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Stanley Type 46 Restoration

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mahking51

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Hi All
Further to the moderately successful results of re nickel plating some old bits and pieces I had lying around I have decided to renovate a sad old Type 46 that I have to its former glory.
This puts aside any issues about the rights and wrongs of doing this, The plane is in such a sad state that I think it is OK.

First thing was to take it all apart:

In actual fact the pics make it look better than it is, most of the plating is gone and what remains is loose and flaky; the skate is quite rusty but not badly pitted. Whole thing is thick with hard grease deposits and old resin. The woodwork however is in good shape and will need careful treatment to keep it that way.

Obviously the totes have to come off and the front is no problem but the rear one is pinned from one side only:

Following the helpful info provided by the nice people on here I used the links to research a good way to do this removal and the best method seemed to be by drilling from the blind side and punching out the pin. This filled me with trepidation but by using a small square and ruler and taking my time I made the potentially fatal centre punch on the other side to the pin.

Now comitted, I used a 1/8 drill to try and find the pin and managed to hit it after going in about 1/8.
Making sure that there was plenty of support on the pin side I used a 1/8 drift to tap out the pin:

The pin came out OK with no breakout.
This just left the handle tightly on the stock and me not sure whether it was glued as well! However a few light taps with a copper hammer and off came the handle, thankfully in one piece!

I will probably just use paste wax and 0000 steel wool on the woodwork to remove the grime but do not want to lose the very faint Trauts Patent stamp.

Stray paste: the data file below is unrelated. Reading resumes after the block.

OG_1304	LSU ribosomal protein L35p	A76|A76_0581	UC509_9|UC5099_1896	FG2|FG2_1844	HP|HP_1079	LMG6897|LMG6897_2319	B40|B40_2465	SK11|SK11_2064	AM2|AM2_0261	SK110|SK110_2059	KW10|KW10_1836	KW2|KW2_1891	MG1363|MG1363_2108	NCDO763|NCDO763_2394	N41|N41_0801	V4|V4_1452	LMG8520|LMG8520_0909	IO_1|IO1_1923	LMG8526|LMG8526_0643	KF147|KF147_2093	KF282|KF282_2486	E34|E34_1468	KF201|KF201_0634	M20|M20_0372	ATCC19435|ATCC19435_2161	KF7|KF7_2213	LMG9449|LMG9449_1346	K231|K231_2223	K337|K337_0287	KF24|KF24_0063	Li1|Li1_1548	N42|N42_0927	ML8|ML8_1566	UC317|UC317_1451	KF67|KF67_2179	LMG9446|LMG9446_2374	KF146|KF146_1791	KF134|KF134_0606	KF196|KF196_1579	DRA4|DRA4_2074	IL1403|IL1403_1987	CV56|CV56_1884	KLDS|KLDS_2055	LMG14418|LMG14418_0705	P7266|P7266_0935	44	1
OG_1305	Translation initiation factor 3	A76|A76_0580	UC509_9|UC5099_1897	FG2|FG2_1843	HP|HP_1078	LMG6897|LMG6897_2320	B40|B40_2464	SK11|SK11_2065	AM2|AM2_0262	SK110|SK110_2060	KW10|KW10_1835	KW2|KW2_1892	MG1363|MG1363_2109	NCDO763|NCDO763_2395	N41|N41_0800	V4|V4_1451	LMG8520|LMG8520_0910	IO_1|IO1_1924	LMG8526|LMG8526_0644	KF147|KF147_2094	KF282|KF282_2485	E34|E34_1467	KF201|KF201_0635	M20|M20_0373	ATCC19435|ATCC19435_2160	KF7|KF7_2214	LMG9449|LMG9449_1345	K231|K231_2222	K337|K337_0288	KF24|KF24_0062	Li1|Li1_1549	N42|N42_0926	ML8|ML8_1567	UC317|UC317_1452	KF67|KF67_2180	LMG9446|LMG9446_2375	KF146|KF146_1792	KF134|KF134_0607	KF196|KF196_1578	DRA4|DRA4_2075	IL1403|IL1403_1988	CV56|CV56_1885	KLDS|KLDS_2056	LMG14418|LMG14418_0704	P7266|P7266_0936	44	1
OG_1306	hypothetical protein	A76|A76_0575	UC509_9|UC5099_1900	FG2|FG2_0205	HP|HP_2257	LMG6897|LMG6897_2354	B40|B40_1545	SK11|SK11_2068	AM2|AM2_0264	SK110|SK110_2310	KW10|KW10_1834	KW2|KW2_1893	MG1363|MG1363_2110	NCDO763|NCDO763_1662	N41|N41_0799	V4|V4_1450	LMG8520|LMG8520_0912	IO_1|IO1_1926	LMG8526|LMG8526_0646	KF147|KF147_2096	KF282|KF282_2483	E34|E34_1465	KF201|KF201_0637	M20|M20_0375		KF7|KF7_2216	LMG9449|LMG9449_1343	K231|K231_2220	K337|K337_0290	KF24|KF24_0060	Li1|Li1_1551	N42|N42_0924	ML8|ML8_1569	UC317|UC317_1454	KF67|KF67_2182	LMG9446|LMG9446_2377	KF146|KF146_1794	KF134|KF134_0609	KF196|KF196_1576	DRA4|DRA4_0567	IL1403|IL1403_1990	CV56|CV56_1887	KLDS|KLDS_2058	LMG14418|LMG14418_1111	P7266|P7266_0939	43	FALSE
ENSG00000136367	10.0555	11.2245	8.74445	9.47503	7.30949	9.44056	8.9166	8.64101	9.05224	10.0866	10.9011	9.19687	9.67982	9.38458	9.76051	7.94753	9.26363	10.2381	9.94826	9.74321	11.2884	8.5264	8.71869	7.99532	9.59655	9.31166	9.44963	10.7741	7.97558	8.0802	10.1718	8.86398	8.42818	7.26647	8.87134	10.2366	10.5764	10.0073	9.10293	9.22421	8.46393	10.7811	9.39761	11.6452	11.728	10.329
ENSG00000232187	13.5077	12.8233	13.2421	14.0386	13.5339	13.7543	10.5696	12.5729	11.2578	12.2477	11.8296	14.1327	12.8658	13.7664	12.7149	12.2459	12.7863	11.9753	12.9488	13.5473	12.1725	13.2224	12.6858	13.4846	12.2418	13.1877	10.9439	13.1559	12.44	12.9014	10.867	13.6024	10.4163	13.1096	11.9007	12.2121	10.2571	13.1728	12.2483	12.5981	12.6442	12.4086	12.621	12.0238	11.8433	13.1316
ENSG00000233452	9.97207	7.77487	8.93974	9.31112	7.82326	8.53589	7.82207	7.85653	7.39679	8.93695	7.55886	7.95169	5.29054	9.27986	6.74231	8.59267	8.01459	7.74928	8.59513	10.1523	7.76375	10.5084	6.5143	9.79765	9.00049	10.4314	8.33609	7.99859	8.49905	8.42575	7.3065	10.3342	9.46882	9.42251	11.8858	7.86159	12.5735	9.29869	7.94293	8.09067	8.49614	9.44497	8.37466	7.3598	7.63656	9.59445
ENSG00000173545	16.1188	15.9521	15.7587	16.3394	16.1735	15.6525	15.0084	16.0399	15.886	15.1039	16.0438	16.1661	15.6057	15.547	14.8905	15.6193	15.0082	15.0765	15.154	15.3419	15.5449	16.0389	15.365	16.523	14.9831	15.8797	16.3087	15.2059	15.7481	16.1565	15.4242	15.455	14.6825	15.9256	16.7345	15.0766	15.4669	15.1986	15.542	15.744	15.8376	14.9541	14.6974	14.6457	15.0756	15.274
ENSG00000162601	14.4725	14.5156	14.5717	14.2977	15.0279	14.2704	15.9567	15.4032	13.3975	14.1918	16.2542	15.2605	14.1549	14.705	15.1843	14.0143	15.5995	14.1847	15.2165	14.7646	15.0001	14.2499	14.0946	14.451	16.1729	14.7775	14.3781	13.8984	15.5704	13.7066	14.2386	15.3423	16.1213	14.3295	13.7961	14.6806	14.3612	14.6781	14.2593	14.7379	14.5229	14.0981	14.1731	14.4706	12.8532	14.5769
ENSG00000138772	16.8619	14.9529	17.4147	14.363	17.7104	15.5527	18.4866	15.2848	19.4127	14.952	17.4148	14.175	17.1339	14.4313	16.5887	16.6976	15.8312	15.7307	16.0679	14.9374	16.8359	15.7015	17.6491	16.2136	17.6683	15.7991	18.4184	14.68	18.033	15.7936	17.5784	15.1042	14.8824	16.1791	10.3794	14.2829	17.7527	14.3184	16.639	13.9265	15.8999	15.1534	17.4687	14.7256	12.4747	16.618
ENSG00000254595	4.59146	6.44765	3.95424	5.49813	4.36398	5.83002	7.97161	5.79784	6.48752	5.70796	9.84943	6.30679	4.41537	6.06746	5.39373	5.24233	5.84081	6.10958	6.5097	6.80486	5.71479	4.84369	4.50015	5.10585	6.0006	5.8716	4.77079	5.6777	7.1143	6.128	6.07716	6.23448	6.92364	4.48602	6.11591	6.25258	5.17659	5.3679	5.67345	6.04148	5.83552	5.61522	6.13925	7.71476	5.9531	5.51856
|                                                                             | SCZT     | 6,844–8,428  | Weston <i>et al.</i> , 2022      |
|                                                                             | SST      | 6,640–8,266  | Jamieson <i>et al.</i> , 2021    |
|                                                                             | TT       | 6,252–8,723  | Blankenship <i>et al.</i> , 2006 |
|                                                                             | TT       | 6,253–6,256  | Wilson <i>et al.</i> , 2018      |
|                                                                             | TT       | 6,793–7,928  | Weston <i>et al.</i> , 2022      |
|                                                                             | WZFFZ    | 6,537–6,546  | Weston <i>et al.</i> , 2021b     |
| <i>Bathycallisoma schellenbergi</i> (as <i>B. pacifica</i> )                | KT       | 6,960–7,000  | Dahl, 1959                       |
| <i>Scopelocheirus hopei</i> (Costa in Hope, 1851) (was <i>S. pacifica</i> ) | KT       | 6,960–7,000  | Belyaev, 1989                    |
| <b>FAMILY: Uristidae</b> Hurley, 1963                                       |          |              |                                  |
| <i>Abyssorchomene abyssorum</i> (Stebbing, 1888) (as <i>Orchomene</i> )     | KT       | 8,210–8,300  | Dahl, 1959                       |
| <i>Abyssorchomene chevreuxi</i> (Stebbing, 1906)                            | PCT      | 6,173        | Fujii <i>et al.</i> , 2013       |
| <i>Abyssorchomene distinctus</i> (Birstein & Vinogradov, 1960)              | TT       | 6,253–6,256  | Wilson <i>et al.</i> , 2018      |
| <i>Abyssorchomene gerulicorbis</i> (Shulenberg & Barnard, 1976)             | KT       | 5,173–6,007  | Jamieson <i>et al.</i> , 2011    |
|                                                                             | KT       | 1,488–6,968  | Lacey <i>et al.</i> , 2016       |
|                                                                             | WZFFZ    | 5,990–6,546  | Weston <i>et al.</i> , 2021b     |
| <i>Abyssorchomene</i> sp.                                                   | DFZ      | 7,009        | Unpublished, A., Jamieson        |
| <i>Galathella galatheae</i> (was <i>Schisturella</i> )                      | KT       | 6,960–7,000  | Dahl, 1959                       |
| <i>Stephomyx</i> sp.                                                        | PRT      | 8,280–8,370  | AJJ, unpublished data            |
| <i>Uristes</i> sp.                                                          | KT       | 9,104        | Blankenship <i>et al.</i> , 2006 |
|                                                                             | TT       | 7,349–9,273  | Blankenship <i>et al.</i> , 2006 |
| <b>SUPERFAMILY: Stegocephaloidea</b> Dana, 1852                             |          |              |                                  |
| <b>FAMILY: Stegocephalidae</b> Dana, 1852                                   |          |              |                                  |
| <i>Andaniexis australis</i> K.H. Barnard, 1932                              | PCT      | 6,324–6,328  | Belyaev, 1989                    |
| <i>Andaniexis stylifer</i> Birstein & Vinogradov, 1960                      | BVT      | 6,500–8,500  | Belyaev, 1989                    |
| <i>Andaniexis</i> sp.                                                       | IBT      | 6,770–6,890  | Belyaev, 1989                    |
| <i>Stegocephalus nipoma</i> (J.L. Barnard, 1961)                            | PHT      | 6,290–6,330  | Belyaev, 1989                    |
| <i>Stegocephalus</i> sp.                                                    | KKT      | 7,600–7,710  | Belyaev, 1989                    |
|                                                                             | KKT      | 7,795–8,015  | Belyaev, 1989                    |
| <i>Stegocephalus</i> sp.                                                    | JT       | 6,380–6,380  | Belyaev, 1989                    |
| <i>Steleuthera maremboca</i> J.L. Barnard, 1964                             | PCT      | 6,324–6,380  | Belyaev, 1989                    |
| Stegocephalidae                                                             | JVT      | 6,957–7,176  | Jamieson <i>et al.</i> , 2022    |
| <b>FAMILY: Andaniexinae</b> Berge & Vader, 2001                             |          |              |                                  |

All metal parts will now get a long soak in thinners to loosen grease etc then will have a better look.
I will keep you all posted as it goes along.
Regards
Martin
 

Chris Knight

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Martin,
Good work there and thanks for researching that bit of lore concerning the pin. I wonder, knowing the pin's length now, how far into the wooden grip does it penetrate?

Should look great when you have plated it.
 

mahking51

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I did read somewhere during my research that there was some greaseproof paper like material in the handle slot before the handle went on and sure enough the handle shows the remains of some paper like material at the top and bottom where it was concealed by the metal stock.
I can also now rear the stamp properly:
TRAUTS PATENT MARCH 4.76(or78)
Regards
Martin
 

Scrit

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Hi Martin

According to Walters Guide the patent date would be 4th March, 1873 (3.4.73 in US terms). USatent # 136,469.

Scrit
 

mahking51

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Scrit
Could easily be a 3, very hard to make out even under a good lens. Just the last unit is almost unreadable.
Many Thanks
martin
 

Scrit

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If you'd like a bit more info about the #46, take a look at Patrick's Blood and Gore. If you are missing cutters I know that St. James's Bay Tool Co. do some replacement parts for the #46 as well as sets of cutters, albeit $110.00 for a full set (these tools ALWAYS lose their cutters for some reason - maybe because they weren't sold in a wooden box like the #45/55s).